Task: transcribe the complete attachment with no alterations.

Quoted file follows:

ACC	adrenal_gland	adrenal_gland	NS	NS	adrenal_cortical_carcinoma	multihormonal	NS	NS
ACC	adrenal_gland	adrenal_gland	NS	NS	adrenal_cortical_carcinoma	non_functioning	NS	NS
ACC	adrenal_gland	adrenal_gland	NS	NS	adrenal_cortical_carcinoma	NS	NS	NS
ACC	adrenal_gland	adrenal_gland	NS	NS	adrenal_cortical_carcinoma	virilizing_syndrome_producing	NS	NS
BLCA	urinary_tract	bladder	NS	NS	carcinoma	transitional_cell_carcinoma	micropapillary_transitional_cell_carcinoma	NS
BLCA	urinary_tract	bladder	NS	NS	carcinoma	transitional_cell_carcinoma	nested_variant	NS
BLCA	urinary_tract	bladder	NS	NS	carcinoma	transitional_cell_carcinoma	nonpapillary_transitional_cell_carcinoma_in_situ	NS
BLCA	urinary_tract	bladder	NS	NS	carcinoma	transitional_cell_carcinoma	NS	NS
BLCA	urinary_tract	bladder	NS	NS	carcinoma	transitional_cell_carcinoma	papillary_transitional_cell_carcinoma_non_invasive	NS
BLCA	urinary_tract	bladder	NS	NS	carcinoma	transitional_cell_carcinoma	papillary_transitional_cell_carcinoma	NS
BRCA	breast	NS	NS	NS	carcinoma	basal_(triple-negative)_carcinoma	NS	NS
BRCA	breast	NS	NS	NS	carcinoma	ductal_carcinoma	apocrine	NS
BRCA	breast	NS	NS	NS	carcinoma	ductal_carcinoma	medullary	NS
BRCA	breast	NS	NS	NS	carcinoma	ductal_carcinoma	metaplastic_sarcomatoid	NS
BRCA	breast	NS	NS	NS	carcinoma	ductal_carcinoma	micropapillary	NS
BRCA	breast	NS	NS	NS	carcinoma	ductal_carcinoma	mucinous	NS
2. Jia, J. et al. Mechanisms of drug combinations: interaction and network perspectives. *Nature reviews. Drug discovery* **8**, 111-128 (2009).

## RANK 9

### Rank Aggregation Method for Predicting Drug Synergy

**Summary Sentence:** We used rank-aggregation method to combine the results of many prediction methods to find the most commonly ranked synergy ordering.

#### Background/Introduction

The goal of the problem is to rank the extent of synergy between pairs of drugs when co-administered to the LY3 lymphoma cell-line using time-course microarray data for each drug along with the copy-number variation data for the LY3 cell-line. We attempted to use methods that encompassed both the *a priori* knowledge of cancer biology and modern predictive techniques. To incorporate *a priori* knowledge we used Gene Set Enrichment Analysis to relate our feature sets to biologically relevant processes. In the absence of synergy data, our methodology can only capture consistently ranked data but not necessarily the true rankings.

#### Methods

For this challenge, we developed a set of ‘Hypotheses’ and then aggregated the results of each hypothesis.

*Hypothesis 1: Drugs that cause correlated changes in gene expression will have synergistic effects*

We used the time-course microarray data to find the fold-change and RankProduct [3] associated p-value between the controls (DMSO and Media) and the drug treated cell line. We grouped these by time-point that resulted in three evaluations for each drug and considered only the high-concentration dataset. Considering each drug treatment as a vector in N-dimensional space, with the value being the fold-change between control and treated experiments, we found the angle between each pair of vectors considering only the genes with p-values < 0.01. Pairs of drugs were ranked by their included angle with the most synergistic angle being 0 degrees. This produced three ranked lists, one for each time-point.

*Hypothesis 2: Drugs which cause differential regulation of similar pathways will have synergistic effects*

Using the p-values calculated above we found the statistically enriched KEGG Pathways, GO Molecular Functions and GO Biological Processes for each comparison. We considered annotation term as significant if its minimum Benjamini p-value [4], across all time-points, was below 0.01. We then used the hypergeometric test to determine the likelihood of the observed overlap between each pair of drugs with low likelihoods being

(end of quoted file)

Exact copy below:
ACC	adrenal_gland	adrenal_gland	NS	NS	adrenal_cortical_carcinoma	multihormonal	NS	NS
ACC	adrenal_gland	adrenal_gland	NS	NS	adrenal_cortical_carcinoma	non_functioning	NS	NS
ACC	adrenal_gland	adrenal_gland	NS	NS	adrenal_cortical_carcinoma	NS	NS	NS
ACC	adrenal_gland	adrenal_gland	NS	NS	adrenal_cortical_carcinoma	virilizing_syndrome_producing	NS	NS
BLCA	urinary_tract	bladder	NS	NS	carcinoma	transitional_cell_carcinoma	micropapillary_transitional_cell_carcinoma	NS
BLCA	urinary_tract	bladder	NS	NS	carcinoma	transitional_cell_carcinoma	nested_variant	NS
BLCA	urinary_tract	bladder	NS	NS	carcinoma	transitional_cell_carcinoma	nonpapillary_transitional_cell_carcinoma_in_situ	NS
BLCA	urinary_tract	bladder	NS	NS	carcinoma	transitional_cell_carcinoma	NS	NS
BLCA	urinary_tract	bladder	NS	NS	carcinoma	transitional_cell_carcinoma	papillary_transitional_cell_carcinoma_non_invasive	NS
BLCA	urinary_tract	bladder	NS	NS	carcinoma	transitional_cell_carcinoma	papillary_transitional_cell_carcinoma	NS
BRCA	breast	NS	NS	NS	carcinoma	basal_(triple-negative)_carcinoma	NS	NS
BRCA	breast	NS	NS	NS	carcinoma	ductal_carcinoma	apocrine	NS
BRCA	breast	NS	NS	NS	carcinoma	ductal_carcinoma	medullary	NS
BRCA	breast	NS	NS	NS	carcinoma	ductal_carcinoma	metaplastic_sarcomatoid	NS
BRCA	breast	NS	NS	NS	carcinoma	ductal_carcinoma	micropapillary	NS
BRCA	breast	NS	NS	NS	carcinoma	ductal_carcinoma	mucinous	NS
2. Jia, J. et al. Mechanisms of drug combinations: interaction and network perspectives. *Nature reviews. Drug discovery* **8**, 111-128 (2009).

## RANK 9

### Rank Aggregation Method for Predicting Drug Synergy

**Summary Sentence:** We used rank-aggregation method to combine the results of many prediction methods to find the most commonly ranked synergy ordering.

#### Background/Introduction

The goal of the problem is to rank the extent of synergy between pairs of drugs when co-administered to the LY3 lymphoma cell-line using time-course microarray data for each drug along with the copy-number variation data for the LY3 cell-line. We attempted to use methods that encompassed both the *a priori* knowledge of cancer biology and modern predictive techniques. To incorporate *a priori* knowledge we used Gene Set Enrichment Analysis to relate our feature sets to biologically relevant processes. In the absence of synergy data, our methodology can only capture consistently ranked data but not necessarily the true rankings.

#### Methods

For this challenge, we developed a set of ‘Hypotheses’ and then aggregated the results of each hypothesis.

*Hypothesis 1: Drugs that cause correlated changes in gene expression will have synergistic effects*

We used the time-course microarray data to find the fold-change and RankProduct [3] associated p-value between the controls (DMSO and Media) and the drug treated cell line. We grouped these by time-point that resulted in three evaluations for each drug and considered only the high-concentration dataset. Considering each drug treatment as a vector in N-dimensional space, with the value being the fold-change between control and treated experiments, we found the angle between each pair of vectors considering only the genes with p-values < 0.01. Pairs of drugs were ranked by their included angle with the most synergistic angle being 0 degrees. This produced three ranked lists, one for each time-point.

*Hypothesis 2: Drugs which cause differential regulation of similar pathways will have synergistic effects*

Using the p-values calculated above we found the statistically enriched KEGG Pathways, GO Molecular Functions and GO Biological Processes for each comparison. We considered annotation term as significant if its minimum Benjamini p-value [4], across all time-points, was below 0.01. We then used the hypergeometric test to determine the likelihood of the observed overlap between each pair of drugs with low likelihoods being